Thanks to rising customer familiarity with digital payments, an increase in purchasing power among younger consumers more interested in digital bill pay, and a rise in digital payment options, nearly three-quarters of bills will be paid digitally by 2022, representing a big opportunity for players across the space. In theory, banks should be in a great position to capitalize on this shift. Nearly all US banks offer bill payment functionality, and it is a popular feature. Issuers also boast an existing engaged digital user base and make these payments secure. But the public (especially the young) appears to be increasingly in favour of non-bank payment solutions. Could it be those traditional banking charges are the problem? Ecommerce of course is in the forefront of this development.

In another study on US banking and payments, Business Insider (BI) Intelligence, points out that the in-store mobile wallet space is becoming increasingly crowded. Most customers have an option provided by their smartphone vendor, like Apple, Android, or Samsung Pay. But those are often supplemented by a myriad of options from other players, ranging from tech firms like PayPal, to banks and card issuers, to major retailers and restaurants.

BI Intelligence has studied this issue for a couple of years now, and it projects that US in-store mobile payments volume will quintuple in the next five years, but it points out that usage is consistently lagging below expectations, with estimates for 2019 falling far below what was expected just two years ago. Nevertheless, US in-store mobile payments will advance steadily at a 40% compound annual growth rate (CAGR) to hit $128 billion in 2021. BI Intelligence recommends that mobile wallet operators should build multiple layers of value to get ahead. Adding value to the user experience and making wallets as simple and frictionless as possible are critical to encouraging adoption and keeping consumers engaged.

The Growth of Business Drones

As the Newsletter has reported previously, using drones to deliver medical supplies started a couple of years ago in Rwanda and was subsequently introduced to Tanzania. Other countries are using drones for commercial use, including SA.  According to ITWeb, there are around 600 registered commercial drones in SA with just over 30 active remote operating certificates (ROCs).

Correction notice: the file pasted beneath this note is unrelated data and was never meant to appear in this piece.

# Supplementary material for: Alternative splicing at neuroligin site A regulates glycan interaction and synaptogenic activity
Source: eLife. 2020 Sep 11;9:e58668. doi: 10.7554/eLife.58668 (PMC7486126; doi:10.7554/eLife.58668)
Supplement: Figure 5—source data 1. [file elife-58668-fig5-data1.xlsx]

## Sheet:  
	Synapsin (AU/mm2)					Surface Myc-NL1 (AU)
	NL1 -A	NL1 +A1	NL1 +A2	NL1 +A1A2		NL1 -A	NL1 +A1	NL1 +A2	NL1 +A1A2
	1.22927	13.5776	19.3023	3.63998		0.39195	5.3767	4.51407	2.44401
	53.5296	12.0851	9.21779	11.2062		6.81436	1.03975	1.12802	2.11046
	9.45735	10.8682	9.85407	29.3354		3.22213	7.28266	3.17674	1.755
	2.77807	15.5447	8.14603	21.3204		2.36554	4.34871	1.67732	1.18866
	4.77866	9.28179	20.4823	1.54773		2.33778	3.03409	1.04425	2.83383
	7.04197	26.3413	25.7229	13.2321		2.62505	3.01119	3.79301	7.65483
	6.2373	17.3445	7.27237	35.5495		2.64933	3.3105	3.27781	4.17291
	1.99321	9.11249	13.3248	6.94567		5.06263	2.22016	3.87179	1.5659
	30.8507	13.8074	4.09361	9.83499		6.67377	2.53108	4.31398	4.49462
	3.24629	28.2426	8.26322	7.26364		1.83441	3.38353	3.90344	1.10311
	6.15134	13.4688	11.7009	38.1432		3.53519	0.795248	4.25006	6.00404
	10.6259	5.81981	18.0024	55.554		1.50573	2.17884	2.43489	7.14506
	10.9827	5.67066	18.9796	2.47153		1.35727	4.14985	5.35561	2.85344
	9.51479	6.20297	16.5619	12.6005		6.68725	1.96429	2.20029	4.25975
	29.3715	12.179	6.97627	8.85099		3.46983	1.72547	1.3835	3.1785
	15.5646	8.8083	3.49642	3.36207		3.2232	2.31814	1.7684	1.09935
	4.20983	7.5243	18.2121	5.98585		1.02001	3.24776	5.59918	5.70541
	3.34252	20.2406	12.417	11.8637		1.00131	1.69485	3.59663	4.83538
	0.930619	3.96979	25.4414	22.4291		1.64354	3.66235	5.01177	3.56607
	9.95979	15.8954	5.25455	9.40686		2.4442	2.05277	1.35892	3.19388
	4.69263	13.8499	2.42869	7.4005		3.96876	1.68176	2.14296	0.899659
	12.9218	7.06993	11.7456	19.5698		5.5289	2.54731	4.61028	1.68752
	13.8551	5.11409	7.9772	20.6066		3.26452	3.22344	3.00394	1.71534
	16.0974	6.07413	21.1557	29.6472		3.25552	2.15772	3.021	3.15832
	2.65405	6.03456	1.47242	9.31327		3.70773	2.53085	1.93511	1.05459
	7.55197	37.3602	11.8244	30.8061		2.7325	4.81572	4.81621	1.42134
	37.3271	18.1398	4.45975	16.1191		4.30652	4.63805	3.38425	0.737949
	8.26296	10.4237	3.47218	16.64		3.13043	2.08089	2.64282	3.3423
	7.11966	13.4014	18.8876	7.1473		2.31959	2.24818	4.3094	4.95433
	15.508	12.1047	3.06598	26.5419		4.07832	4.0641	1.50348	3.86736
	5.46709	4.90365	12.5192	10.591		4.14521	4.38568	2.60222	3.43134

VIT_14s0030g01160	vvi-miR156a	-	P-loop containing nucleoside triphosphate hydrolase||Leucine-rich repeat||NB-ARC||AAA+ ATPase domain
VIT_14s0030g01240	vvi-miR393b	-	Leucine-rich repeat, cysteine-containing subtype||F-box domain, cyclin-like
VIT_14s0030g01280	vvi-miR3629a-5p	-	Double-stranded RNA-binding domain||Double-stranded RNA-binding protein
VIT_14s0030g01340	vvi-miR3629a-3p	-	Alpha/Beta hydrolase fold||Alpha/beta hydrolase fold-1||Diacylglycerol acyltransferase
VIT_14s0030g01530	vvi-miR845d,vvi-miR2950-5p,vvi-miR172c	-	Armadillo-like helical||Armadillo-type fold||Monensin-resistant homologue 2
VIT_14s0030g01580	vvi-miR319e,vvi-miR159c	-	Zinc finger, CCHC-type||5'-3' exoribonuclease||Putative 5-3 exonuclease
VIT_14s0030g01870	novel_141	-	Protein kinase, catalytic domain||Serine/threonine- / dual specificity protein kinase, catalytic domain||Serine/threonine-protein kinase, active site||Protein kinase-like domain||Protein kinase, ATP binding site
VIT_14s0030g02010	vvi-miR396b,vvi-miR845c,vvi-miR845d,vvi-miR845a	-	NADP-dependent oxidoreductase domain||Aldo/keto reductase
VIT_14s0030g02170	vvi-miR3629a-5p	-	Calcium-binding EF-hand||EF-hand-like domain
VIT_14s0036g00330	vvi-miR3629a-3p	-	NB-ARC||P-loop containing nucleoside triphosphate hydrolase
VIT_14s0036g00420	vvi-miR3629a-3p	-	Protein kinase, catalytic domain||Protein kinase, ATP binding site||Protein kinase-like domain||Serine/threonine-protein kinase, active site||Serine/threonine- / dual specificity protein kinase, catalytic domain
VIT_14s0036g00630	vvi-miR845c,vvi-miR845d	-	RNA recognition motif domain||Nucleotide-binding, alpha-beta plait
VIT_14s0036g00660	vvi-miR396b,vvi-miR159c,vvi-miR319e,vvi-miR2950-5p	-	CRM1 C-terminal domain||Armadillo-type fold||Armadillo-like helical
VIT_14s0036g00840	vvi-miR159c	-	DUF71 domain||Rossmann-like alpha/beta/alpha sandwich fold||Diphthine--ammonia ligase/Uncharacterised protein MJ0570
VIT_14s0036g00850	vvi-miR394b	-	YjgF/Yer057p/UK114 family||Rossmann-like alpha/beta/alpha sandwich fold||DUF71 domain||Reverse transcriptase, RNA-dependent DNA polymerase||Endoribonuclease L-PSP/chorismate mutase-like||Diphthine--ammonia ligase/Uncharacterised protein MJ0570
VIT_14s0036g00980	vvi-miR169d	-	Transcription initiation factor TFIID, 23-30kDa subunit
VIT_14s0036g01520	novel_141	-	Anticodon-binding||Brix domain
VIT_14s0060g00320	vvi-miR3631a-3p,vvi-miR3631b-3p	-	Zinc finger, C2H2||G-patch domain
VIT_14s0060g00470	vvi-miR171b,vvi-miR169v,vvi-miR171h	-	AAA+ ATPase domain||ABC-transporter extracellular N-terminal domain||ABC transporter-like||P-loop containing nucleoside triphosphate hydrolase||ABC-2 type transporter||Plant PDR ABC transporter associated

The ROC is a certification issued by the South African Civil Aviation Authority (SACAA) and is compulsory for operating drones for business in SA. A new course on operating drones out of sight has now been set up in Cape Town which will conform with the SACAA-accredited beyond visual line of sight (BVLOS) training for drone pilots.

Drones are categorised as aircraft worldwide and are regulated by the existing aviation sector and civil airspace rules. In July 2015 the rules were changed in SA to permit the flying of drones. Non-commercial use does not require a certificate but beware if you break the rules (eg by flying too close to an airport) you could be faced with fines up to 50,000R and/or 10 years in prison! More than 90% of drone sales are to consumers.

Other countries are approaching the use of drones differently. In some countries air-space is tightly controlled by the military and flying your private drone would not be a good idea. In Sri Lanka drones can be flown along the coastline but not overland. There is an ecommerce company which delivers by drone to landing sports on the coast where the products are picked up by local land transport. Great idea!

Cabinet approves the first phase of a new Intellectual Property Policy

The first phase of a new intellectual property (IP) policy, developed by the DTI, was approved on 23 May. This first phase concentrates on providing better access to high-quality, affordable medicines.